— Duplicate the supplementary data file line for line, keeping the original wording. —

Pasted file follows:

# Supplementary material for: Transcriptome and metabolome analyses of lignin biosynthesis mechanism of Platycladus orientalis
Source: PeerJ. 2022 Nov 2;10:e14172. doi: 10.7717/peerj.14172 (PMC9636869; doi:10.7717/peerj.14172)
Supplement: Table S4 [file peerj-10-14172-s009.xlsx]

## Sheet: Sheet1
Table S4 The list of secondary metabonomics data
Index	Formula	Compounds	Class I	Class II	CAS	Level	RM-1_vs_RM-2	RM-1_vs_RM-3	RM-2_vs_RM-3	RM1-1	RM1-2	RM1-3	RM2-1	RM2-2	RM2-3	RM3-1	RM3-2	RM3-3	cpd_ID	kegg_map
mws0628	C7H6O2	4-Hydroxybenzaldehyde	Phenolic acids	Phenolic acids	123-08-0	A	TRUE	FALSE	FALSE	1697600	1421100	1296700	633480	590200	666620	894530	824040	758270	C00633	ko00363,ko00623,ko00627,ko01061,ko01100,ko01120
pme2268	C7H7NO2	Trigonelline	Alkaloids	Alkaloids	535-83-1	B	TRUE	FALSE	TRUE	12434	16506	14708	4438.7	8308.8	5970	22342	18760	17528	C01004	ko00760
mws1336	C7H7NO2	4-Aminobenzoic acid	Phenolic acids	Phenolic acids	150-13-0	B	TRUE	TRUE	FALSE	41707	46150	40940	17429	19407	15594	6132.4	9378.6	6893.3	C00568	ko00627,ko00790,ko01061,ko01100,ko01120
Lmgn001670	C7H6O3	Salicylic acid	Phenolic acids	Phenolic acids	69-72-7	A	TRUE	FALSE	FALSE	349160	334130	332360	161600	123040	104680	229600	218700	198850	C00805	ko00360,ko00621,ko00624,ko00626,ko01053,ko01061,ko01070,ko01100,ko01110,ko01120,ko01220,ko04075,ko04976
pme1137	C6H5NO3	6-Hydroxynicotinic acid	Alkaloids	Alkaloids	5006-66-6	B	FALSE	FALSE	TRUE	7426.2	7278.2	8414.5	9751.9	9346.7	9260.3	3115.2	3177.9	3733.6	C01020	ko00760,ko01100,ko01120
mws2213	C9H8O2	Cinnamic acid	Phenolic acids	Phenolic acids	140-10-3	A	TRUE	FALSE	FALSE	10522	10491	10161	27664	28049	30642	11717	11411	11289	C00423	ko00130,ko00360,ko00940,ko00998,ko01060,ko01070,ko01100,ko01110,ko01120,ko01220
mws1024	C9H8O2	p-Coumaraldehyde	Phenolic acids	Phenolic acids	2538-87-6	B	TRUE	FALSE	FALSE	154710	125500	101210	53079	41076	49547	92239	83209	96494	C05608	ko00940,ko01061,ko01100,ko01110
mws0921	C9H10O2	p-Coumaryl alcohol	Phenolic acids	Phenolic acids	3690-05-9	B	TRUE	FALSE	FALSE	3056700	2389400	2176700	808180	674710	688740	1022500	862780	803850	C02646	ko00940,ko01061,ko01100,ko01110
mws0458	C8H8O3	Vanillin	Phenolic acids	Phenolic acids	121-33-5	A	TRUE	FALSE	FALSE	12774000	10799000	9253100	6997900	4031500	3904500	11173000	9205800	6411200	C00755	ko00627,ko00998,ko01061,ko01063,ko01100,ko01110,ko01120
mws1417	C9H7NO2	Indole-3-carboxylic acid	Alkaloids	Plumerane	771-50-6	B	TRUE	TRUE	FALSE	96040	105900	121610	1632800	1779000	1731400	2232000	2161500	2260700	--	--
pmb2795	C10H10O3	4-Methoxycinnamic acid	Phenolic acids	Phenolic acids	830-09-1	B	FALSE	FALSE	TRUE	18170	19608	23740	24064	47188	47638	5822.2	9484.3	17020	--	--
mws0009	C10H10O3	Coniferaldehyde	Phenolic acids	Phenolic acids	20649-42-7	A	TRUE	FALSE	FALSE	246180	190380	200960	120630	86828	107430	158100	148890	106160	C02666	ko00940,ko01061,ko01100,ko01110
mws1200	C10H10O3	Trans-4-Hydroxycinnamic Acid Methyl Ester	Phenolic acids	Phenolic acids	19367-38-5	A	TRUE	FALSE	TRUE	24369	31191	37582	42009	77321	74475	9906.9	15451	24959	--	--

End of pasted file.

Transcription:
# Supplementary material for: Transcriptome and metabolome analyses of lignin biosynthesis mechanism of Platycladus orientalis
Source: PeerJ. 2022 Nov 2;10:e14172. doi: 10.7717/peerj.14172 (PMC9636869; doi:10.7717/peerj.14172)
Supplement: Table S4 [file peerj-10-14172-s009.xlsx]

## Sheet: Sheet1
Table S4 The list of secondary metabonomics data
Index	Formula	Compounds	Class I	Class II	CAS	Level	RM-1_vs_RM-2	RM-1_vs_RM-3	RM-2_vs_RM-3	RM1-1	RM1-2	RM1-3	RM2-1	RM2-2	RM2-3	RM3-1	RM3-2	RM3-3	cpd_ID	kegg_map
mws0628	C7H6O2	4-Hydroxybenzaldehyde	Phenolic acids	Phenolic acids	123-08-0	A	TRUE	FALSE	FALSE	1697600	1421100	1296700	633480	590200	666620	894530	824040	758270	C00633	ko00363,ko00623,ko00627,ko01061,ko01100,ko01120
pme2268	C7H7NO2	Trigonelline	Alkaloids	Alkaloids	535-83-1	B	TRUE	FALSE	TRUE	12434	16506	14708	4438.7	8308.8	5970	22342	18760	17528	C01004	ko00760
mws1336	C7H7NO2	4-Aminobenzoic acid	Phenolic acids	Phenolic acids	150-13-0	B	TRUE	TRUE	FALSE	41707	46150	40940	17429	19407	15594	6132.4	9378.6	6893.3	C00568	ko00627,ko00790,ko01061,ko01100,ko01120
Lmgn001670	C7H6O3	Salicylic acid	Phenolic acids	Phenolic acids	69-72-7	A	TRUE	FALSE	FALSE	349160	334130	332360	161600	123040	104680	229600	218700	198850	C00805	ko00360,ko00621,ko00624,ko00626,ko01053,ko01061,ko01070,ko01100,ko01110,ko01120,ko01220,ko04075,ko04976
pme1137	C6H5NO3	6-Hydroxynicotinic acid	Alkaloids	Alkaloids	5006-66-6	B	FALSE	FALSE	TRUE	7426.2	7278.2	8414.5	9751.9	9346.7	9260.3	3115.2	3177.9	3733.6	C01020	ko00760,ko01100,ko01120
mws2213	C9H8O2	Cinnamic acid	Phenolic acids	Phenolic acids	140-10-3	A	TRUE	FALSE	FALSE	10522	10491	10161	27664	28049	30642	11717	11411	11289	C00423	ko00130,ko00360,ko00940,ko00998,ko01060,ko01070,ko01100,ko01110,ko01120,ko01220
mws1024	C9H8O2	p-Coumaraldehyde	Phenolic acids	Phenolic acids	2538-87-6	B	TRUE	FALSE	FALSE	154710	125500	101210	53079	41076	49547	92239	83209	96494	C05608	ko00940,ko01061,ko01100,ko01110
mws0921	C9H10O2	p-Coumaryl alcohol	Phenolic acids	Phenolic acids	3690-05-9	B	TRUE	FALSE	FALSE	3056700	2389400	2176700	808180	674710	688740	1022500	862780	803850	C02646	ko00940,ko01061,ko01100,ko01110
mws0458	C8H8O3	Vanillin	Phenolic acids	Phenolic acids	121-33-5	A	TRUE	FALSE	FALSE	12774000	10799000	9253100	6997900	4031500	3904500	11173000	9205800	6411200	C00755	ko00627,ko00998,ko01061,ko01063,ko01100,ko01110,ko01120
mws1417	C9H7NO2	Indole-3-carboxylic acid	Alkaloids	Plumerane	771-50-6	B	TRUE	TRUE	FALSE	96040	105900	121610	1632800	1779000	1731400	2232000	2161500	2260700	--	--
pmb2795	C10H10O3	4-Methoxycinnamic acid	Phenolic acids	Phenolic acids	830-09-1	B	FALSE	FALSE	TRUE	18170	19608	23740	24064	47188	47638	5822.2	9484.3	17020	--	--
mws0009	C10H10O3	Coniferaldehyde	Phenolic acids	Phenolic acids	20649-42-7	A	TRUE	FALSE	FALSE	246180	190380	200960	120630	86828	107430	158100	148890	106160	C02666	ko00940,ko01061,ko01100,ko01110
mws1200	C10H10O3	Trans-4-Hydroxycinnamic Acid Methyl Ester	Phenolic acids	Phenolic acids	19367-38-5	A	TRUE	FALSE	TRUE	24369	31191	37582	42009	77321	74475	9906.9	15451	24959	--	--